One of life’s wonderful surprises would be to have an award-winning author write a children’s storybook with you as the star.
It has happened to Ernestine Upchurch, a beloved resident of Maggie Valley who died in 2017.
Kerry Madden-Lunsford, who first met Ernestine at Joey’s Pancake House in 2005, has just published “Ernestine’s Milky Way” and will soon visit Maggie Valley and Waynesville to share the story.
It’s based on an adventure taken by Ernestine when she was 5 years old in the early 1940s while daddy was off at the war.
“I met Ernestine on a trip to the mountains, and we had this instant connection,” said Madden-Lunsford. “I was worried that Ernestine wouldn’t like me — a California woman from Tennessee who had not grown up in Maggie Valley and was writing about her mountains. But she was so hilarious, and we did not stop laughing from the very beginning. I remember thinking — oh, we are going to be friends.”
Madden-Lunsford, a nationally known children’s author, said Upchruch became her “mountain mother.”
“I can’t even describe how much I loved her. She was just so grounded and funny and real,” she said. “And she loved books and kids and stories and the mountains — she often said, ‘I bloomed where I was planted.’”
As Madden-Lunsford spent time with Upchurch, she encouraged her to write by asking her to describe the first job she ever had.
“She told me about carrying a mason jar of milk through the mountains at the age of 5,” Madden-Lunsford recalled. “We were in her living room, and I could see little Ernestine carrying that milk and not wanting to drop it or disappoint her mama. I took a walk the next morning before the sun was up, and I thought, Ernestine did this when she was 5.”
She envisioned Ernestine crossing a road and barbed wire fence and seeing the stars in the sky and the Milky Way.
“I thought, wow, Ernestine carrying milk through the mountains is like her own milky way and the stars would light her way,” Madden Lunsford said in describing how she in describing how the seeds of her book, “Ernestine’s Milky Way,” were first planted in 2011.
“It was a story that would not let me go,” she said. “I kept thinking I needed to write that story. Finally, I did, and wrote probably 100 drafts before it took shape,” she said. “Ernestine made me brave. I thought to myself, ‘How can I honor this mountain woman?’”
Shortly before Ernestine died, the book’s illustrator, Emily Sutton, sent her a few of the illustrations for the book, which Madden-Lunsford shared with Ernestine, whose daughter, Libby said brought the biggest smile to her face.
One of Ernestine’s closest friends, Brenda O’Keefe, owned Joey’s Pancake House for 52 years. The two women made a difference in Maggie Valley including bringing city water to 2,500 residents.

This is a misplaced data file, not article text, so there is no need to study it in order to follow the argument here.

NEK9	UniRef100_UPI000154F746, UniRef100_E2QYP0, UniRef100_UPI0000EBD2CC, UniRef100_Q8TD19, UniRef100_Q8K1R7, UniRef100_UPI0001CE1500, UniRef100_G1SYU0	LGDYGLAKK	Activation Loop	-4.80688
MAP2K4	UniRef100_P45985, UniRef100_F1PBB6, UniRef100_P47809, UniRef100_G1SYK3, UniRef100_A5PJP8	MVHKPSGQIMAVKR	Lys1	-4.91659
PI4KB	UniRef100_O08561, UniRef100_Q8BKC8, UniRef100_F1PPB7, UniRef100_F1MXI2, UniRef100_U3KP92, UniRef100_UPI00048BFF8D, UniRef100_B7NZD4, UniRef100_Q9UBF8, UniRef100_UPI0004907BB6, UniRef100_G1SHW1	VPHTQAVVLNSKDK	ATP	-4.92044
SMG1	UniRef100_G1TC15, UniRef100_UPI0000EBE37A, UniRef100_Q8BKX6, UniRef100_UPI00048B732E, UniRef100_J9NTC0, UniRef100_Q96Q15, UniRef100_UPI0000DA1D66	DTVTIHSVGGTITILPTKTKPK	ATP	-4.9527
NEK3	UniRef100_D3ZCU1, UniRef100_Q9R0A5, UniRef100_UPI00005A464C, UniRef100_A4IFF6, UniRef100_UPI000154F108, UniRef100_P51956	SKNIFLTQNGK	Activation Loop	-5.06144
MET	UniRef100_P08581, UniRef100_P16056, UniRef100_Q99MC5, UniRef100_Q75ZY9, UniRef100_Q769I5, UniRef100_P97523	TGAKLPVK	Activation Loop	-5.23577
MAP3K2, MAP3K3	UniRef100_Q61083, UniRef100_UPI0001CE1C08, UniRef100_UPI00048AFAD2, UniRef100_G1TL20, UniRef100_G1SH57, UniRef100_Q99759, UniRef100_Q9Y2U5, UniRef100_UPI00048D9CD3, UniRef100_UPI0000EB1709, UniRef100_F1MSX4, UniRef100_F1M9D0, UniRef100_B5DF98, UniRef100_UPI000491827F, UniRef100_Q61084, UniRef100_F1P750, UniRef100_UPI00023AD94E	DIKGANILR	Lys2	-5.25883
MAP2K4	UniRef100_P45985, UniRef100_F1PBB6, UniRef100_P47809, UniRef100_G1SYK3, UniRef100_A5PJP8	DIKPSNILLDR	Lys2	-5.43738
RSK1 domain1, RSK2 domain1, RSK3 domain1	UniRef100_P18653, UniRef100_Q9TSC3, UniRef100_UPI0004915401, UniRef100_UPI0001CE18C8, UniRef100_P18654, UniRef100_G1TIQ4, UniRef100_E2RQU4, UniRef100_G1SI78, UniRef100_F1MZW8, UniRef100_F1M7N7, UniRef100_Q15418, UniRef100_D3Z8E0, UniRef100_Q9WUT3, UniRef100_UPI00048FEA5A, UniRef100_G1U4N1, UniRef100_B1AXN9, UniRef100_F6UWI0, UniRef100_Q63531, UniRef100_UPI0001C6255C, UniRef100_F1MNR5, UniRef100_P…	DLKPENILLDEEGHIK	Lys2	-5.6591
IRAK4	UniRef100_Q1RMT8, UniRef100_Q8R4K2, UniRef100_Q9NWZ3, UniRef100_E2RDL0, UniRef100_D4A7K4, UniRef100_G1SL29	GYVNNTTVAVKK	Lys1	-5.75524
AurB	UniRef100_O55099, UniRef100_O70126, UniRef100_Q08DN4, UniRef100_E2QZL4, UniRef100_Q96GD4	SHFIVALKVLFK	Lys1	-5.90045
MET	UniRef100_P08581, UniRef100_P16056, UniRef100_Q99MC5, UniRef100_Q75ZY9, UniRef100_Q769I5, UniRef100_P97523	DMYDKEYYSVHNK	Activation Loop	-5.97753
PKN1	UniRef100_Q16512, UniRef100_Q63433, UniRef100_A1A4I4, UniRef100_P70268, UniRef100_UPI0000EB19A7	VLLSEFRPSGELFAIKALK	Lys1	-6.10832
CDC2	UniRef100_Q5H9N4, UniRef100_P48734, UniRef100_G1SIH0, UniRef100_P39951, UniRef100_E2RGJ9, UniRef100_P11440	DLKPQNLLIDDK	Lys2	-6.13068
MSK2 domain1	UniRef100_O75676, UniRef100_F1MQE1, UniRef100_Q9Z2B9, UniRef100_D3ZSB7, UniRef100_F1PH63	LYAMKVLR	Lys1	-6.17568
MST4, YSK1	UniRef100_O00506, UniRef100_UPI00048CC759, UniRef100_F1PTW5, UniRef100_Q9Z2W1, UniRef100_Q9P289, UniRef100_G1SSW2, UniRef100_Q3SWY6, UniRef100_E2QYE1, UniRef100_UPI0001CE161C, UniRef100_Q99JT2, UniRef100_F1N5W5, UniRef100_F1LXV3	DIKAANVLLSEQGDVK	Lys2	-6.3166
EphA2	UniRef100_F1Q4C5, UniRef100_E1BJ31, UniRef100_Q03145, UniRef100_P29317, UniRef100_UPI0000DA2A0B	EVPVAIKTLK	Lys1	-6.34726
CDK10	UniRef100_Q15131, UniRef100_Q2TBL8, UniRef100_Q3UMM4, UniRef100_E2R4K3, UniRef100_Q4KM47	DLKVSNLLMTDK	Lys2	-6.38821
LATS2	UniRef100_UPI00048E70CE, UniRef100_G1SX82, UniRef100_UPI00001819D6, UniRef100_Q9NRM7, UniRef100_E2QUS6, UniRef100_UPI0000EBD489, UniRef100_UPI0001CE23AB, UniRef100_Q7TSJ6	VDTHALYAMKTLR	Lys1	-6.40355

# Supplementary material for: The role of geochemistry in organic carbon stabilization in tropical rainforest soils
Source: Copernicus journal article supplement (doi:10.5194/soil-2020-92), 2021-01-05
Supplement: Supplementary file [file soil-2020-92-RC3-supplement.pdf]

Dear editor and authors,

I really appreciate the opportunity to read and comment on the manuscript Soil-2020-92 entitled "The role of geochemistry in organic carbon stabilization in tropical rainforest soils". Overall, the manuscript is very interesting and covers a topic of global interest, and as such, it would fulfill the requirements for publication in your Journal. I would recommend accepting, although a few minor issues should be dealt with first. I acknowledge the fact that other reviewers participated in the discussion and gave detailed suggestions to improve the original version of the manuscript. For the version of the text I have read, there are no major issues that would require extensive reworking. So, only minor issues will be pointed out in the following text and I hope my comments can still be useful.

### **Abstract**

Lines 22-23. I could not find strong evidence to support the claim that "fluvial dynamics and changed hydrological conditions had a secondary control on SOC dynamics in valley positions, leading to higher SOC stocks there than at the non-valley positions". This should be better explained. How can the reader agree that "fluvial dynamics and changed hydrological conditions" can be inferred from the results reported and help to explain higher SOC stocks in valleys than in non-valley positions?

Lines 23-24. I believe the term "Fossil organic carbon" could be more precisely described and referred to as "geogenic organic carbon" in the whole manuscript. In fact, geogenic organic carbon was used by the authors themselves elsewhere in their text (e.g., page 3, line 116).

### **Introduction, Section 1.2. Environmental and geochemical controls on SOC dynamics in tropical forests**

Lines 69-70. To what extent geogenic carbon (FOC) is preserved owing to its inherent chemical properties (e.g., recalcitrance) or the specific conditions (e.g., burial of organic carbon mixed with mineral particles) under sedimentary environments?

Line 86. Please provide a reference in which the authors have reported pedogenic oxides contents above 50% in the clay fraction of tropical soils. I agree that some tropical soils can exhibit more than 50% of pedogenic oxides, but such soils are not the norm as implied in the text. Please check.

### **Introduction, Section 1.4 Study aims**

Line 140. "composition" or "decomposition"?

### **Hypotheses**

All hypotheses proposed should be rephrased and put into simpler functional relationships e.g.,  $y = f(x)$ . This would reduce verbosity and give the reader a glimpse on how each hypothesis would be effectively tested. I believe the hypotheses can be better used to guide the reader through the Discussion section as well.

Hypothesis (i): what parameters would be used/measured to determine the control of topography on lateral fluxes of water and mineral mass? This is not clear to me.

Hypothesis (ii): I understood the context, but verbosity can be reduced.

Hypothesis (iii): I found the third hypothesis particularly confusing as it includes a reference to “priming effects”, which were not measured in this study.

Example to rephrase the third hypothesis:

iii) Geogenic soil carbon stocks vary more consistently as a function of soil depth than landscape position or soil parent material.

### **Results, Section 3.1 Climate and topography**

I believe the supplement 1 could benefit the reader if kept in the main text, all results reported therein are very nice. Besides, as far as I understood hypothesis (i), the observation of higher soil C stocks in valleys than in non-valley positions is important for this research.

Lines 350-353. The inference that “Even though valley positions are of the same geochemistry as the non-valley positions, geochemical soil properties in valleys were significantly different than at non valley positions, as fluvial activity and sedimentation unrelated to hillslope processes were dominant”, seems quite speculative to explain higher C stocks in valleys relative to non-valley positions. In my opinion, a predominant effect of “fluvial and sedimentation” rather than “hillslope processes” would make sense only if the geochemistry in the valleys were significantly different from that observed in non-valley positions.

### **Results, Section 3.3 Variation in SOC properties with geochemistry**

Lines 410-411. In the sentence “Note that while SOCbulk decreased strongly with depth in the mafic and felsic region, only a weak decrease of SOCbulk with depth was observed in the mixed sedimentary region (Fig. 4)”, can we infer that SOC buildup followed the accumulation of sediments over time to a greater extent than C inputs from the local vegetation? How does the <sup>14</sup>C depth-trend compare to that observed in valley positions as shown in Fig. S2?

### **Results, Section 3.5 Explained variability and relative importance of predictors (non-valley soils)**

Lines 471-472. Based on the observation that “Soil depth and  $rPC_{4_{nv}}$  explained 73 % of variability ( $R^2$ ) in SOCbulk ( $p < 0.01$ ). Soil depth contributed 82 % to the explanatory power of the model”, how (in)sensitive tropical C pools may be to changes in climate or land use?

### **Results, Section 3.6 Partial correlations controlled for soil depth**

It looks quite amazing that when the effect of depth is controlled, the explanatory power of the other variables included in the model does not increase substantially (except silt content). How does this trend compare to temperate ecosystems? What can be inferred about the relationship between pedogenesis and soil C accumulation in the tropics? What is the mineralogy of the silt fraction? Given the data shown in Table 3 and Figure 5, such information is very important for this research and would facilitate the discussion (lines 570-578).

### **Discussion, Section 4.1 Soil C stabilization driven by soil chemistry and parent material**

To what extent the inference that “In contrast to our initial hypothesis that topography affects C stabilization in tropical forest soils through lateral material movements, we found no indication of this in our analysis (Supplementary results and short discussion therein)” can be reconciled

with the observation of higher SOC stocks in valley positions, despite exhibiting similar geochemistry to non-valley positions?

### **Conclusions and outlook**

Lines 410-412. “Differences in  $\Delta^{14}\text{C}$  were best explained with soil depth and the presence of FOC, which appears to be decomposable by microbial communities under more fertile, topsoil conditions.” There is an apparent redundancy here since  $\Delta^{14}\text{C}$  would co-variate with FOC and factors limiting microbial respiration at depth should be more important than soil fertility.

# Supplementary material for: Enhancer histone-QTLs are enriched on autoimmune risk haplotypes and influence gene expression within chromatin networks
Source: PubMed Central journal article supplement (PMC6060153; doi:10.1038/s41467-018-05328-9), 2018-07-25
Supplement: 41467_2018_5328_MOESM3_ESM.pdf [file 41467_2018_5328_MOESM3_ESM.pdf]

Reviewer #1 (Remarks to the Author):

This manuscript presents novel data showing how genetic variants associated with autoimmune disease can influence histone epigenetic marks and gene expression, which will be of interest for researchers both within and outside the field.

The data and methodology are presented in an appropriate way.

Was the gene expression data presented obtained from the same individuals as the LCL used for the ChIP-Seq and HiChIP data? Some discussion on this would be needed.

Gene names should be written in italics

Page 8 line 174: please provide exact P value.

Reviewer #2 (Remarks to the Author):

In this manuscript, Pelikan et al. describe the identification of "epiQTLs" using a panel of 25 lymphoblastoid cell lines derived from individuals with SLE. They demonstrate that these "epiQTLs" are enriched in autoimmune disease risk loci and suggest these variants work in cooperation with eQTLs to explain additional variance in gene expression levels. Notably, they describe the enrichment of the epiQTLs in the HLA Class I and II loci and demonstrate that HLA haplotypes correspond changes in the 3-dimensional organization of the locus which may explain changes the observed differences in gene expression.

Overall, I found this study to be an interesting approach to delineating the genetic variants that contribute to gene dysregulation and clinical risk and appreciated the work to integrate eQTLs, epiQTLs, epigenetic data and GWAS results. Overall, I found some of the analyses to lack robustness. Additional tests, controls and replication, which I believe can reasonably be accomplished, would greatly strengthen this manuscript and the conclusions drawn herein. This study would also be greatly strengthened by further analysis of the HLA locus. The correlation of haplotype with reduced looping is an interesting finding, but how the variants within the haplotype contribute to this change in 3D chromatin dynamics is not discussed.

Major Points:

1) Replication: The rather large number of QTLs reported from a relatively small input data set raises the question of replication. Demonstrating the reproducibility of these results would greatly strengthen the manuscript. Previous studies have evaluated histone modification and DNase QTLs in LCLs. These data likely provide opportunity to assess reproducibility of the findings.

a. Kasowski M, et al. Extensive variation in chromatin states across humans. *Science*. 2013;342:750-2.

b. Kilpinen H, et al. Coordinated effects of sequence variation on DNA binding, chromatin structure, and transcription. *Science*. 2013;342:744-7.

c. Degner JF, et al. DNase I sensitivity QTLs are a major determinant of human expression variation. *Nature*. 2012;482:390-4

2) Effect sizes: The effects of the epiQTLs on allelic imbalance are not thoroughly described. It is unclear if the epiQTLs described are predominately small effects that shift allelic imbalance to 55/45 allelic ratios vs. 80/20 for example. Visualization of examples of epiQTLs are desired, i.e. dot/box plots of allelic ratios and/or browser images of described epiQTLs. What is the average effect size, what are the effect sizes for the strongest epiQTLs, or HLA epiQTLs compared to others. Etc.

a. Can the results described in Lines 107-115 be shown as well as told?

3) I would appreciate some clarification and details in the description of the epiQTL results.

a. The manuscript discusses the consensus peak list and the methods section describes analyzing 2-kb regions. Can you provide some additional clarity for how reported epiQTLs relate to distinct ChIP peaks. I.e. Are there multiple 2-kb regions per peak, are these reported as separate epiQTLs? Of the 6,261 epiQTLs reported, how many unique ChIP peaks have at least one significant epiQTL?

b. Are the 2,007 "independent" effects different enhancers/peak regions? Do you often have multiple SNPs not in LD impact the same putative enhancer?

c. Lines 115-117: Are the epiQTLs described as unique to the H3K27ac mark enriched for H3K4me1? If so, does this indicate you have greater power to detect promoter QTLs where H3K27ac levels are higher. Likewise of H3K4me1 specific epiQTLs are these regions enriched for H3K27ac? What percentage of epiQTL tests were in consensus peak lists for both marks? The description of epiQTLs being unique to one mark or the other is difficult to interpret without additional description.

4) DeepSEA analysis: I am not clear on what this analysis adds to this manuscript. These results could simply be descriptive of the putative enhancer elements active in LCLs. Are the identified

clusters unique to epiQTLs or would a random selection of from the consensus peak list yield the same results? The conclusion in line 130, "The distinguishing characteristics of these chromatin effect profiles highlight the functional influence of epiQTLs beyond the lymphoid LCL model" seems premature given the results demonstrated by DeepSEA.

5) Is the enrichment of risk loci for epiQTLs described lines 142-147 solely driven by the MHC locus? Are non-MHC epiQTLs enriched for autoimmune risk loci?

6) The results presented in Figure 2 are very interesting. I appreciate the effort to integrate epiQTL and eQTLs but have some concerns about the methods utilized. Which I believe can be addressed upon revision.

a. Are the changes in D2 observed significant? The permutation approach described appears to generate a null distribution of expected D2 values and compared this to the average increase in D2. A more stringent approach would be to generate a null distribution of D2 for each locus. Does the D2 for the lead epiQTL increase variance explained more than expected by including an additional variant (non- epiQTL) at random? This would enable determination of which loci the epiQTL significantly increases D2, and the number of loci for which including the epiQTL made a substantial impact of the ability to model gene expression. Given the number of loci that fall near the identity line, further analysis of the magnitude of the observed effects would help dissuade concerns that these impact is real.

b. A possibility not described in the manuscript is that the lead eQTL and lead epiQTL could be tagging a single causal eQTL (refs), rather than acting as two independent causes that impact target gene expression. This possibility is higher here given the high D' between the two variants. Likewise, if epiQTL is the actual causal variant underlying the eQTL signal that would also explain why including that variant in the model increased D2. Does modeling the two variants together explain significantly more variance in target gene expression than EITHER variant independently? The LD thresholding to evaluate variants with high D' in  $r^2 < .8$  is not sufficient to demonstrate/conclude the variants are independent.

“Ernestine made my life richer,” said O’Keefe. “Her daughter, Libby, grew up at Joey’s and Ernestine’s granddaughter works there now. She was known as the word lady in Maggie and wrote a marvelous history of the Pigeon Community Center in Waynesville.”
A highlight of Kerry Madden-Lunsford’s visit will be a workshop with aspiring, student writers at Waynesville Middle School on the afternoon of Thursday, April 18.
“Many of our students love to write poetry or even their own fictional stories but have few opportunities to hone their writing abilities,” said Karen Kreitzburg, the middle school’s media coordinator who will host the event. “It is rare that students get the opportunity to take risks and just write for the fun and love of writing. I love that I have the opportunity to bring not only a wonderful children’s author to our school, but one who truly understands how to deliver instruction to middle school students igniting their passion for creative writing.”
Allison Lee, co-owner of Blue Ridge Books, has planned the activities during author Madden-Lunsford’s visit and has fond memories of Ernestine Upchurch.
“My family moved here in 1996, and I can’t remember not knowing Ernestine,” said Allison. She was always vibrant, knowledgeable, and so involved in whatever was worthwhile in the community.
For Lee’s first Christmas at Blue Ridge Books, a series of old-fashioned Christmas programs were planned with Ernestine helping with the planning and sharing a story.
“It was about a Christmas Ernestine spent with her family in a logging camp. The children each received one gift and hers was a pair of scissors. Even though she was a child, she realized that her present wasn’t a toy,” Lee said. “To the young Ernestine, those scissors were a symbol of her transformation from being a child to a trusted adult who would be responsible enough to both care for and use the scissors. Ernestine came from a generation who appreciated and who cared.”